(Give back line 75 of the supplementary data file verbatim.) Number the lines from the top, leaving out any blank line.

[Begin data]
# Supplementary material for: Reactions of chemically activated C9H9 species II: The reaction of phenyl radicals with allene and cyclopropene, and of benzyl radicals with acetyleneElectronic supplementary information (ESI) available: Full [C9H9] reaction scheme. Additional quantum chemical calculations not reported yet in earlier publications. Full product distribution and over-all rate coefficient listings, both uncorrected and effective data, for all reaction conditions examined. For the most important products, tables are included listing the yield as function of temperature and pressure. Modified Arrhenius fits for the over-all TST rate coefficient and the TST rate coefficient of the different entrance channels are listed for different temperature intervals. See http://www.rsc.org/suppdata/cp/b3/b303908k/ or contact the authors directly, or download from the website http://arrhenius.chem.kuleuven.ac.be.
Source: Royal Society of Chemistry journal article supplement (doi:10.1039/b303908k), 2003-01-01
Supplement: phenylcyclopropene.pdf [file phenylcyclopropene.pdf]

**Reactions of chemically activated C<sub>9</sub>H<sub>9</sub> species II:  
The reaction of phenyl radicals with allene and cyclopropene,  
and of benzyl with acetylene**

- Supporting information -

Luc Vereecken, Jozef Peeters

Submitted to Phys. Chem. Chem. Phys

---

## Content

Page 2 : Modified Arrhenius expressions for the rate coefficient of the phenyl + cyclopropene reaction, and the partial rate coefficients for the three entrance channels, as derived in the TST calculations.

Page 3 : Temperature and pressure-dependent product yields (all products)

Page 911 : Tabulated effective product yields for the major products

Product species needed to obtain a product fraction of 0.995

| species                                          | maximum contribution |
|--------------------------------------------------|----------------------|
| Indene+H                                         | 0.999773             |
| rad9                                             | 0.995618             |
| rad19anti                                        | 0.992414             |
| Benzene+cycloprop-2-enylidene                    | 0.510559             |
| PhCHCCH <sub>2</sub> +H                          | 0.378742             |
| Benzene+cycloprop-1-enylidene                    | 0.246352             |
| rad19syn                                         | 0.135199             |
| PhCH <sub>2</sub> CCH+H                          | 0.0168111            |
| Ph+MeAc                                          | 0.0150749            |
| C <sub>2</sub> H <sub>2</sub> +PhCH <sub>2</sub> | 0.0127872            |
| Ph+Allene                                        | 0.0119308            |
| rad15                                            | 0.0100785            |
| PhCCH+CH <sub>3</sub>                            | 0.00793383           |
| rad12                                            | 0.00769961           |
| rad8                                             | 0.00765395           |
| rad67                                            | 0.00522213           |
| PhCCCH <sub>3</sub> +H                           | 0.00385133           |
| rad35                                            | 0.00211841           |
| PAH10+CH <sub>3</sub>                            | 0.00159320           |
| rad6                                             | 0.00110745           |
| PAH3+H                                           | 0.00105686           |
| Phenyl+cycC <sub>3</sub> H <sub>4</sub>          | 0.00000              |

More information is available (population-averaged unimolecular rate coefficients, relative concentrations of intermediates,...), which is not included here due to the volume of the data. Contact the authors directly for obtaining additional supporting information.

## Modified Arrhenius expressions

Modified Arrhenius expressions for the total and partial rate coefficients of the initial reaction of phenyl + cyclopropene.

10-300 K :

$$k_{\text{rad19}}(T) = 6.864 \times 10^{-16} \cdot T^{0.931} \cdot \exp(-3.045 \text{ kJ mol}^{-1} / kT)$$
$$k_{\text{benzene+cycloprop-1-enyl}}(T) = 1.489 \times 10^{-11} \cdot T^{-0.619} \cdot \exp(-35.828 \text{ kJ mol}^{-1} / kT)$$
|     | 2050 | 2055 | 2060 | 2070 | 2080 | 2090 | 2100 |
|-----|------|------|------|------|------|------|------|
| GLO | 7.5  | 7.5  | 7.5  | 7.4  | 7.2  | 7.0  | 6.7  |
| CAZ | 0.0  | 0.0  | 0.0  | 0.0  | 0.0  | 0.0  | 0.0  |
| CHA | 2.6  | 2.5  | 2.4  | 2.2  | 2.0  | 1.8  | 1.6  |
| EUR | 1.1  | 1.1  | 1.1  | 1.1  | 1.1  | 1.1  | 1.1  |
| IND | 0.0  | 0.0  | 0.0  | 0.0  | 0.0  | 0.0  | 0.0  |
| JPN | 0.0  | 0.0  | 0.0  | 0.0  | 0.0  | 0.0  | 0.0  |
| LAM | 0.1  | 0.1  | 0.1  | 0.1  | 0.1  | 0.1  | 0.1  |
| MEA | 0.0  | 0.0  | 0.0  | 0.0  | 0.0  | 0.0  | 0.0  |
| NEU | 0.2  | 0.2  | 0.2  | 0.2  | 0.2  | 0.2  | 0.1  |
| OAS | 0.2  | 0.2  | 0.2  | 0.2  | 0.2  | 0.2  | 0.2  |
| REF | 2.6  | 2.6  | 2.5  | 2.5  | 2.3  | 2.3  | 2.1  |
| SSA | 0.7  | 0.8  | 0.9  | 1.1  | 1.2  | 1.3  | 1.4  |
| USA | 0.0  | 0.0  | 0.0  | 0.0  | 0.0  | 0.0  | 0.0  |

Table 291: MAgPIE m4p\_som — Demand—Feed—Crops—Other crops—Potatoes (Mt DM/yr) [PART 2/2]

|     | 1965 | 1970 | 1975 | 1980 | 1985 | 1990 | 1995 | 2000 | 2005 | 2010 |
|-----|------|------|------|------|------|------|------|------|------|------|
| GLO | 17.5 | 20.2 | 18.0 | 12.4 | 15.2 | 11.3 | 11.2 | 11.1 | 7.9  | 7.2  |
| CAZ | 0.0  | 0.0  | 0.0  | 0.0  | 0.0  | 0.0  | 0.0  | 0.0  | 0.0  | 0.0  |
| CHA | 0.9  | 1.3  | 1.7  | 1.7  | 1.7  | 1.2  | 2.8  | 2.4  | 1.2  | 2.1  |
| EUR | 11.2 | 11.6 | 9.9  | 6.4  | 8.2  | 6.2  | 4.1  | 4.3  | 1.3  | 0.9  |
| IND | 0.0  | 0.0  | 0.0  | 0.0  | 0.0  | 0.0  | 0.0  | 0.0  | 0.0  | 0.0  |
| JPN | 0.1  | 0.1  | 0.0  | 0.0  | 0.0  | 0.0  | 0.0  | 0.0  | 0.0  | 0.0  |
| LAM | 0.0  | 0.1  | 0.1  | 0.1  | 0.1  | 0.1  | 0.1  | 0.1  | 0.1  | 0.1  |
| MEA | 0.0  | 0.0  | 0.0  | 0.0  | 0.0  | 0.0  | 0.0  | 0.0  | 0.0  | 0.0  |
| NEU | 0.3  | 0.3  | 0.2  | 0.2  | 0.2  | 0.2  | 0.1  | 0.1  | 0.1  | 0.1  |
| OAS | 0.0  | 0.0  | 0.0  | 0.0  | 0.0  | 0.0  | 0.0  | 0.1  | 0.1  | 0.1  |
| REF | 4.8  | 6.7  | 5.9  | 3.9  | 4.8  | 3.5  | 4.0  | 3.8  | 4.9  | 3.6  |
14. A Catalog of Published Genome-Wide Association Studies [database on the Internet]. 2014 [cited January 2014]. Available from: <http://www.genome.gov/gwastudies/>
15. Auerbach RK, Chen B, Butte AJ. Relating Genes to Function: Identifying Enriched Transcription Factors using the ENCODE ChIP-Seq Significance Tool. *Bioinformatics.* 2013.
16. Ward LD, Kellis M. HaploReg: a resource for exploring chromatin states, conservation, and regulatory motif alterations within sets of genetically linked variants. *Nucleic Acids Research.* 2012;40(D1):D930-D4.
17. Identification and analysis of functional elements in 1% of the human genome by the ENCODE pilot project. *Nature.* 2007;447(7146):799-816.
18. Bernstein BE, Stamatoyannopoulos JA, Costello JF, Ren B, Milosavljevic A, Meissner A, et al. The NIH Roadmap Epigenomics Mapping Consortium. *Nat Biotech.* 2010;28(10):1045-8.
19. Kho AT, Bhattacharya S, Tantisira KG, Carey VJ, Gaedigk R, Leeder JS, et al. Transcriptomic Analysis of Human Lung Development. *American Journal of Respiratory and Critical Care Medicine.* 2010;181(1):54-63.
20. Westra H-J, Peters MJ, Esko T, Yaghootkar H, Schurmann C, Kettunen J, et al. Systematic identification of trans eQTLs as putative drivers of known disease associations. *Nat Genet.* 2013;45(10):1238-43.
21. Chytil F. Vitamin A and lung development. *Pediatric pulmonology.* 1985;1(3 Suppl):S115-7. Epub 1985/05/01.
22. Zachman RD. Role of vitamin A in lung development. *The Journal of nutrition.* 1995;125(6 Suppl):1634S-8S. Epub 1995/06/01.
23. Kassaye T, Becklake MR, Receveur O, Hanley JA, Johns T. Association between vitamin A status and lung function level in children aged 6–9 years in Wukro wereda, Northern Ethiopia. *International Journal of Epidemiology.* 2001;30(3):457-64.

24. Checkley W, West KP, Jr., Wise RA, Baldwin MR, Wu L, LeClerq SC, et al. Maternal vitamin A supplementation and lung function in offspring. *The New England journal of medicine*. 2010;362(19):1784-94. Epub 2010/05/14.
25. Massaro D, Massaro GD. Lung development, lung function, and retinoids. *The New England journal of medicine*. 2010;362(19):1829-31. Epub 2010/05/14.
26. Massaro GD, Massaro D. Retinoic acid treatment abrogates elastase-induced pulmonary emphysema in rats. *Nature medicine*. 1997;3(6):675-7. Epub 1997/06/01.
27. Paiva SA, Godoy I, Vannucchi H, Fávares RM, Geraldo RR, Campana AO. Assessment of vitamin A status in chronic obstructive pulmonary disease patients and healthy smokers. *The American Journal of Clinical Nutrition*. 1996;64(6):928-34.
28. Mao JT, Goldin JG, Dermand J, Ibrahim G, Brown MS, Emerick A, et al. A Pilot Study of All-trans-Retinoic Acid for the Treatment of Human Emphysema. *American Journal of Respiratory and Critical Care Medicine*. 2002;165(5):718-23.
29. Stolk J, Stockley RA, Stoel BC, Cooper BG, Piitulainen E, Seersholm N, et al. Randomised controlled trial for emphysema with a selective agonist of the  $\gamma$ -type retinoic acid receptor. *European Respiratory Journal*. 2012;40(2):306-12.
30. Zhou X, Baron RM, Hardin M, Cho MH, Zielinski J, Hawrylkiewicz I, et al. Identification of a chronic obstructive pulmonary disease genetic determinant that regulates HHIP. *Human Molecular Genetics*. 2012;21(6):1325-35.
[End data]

14. A Catalog of Published Genome-Wide Association Studies [database on the Internet]. 2014 [cited January 2014]. Available from: <http://www.genome.gov/gwastudies/>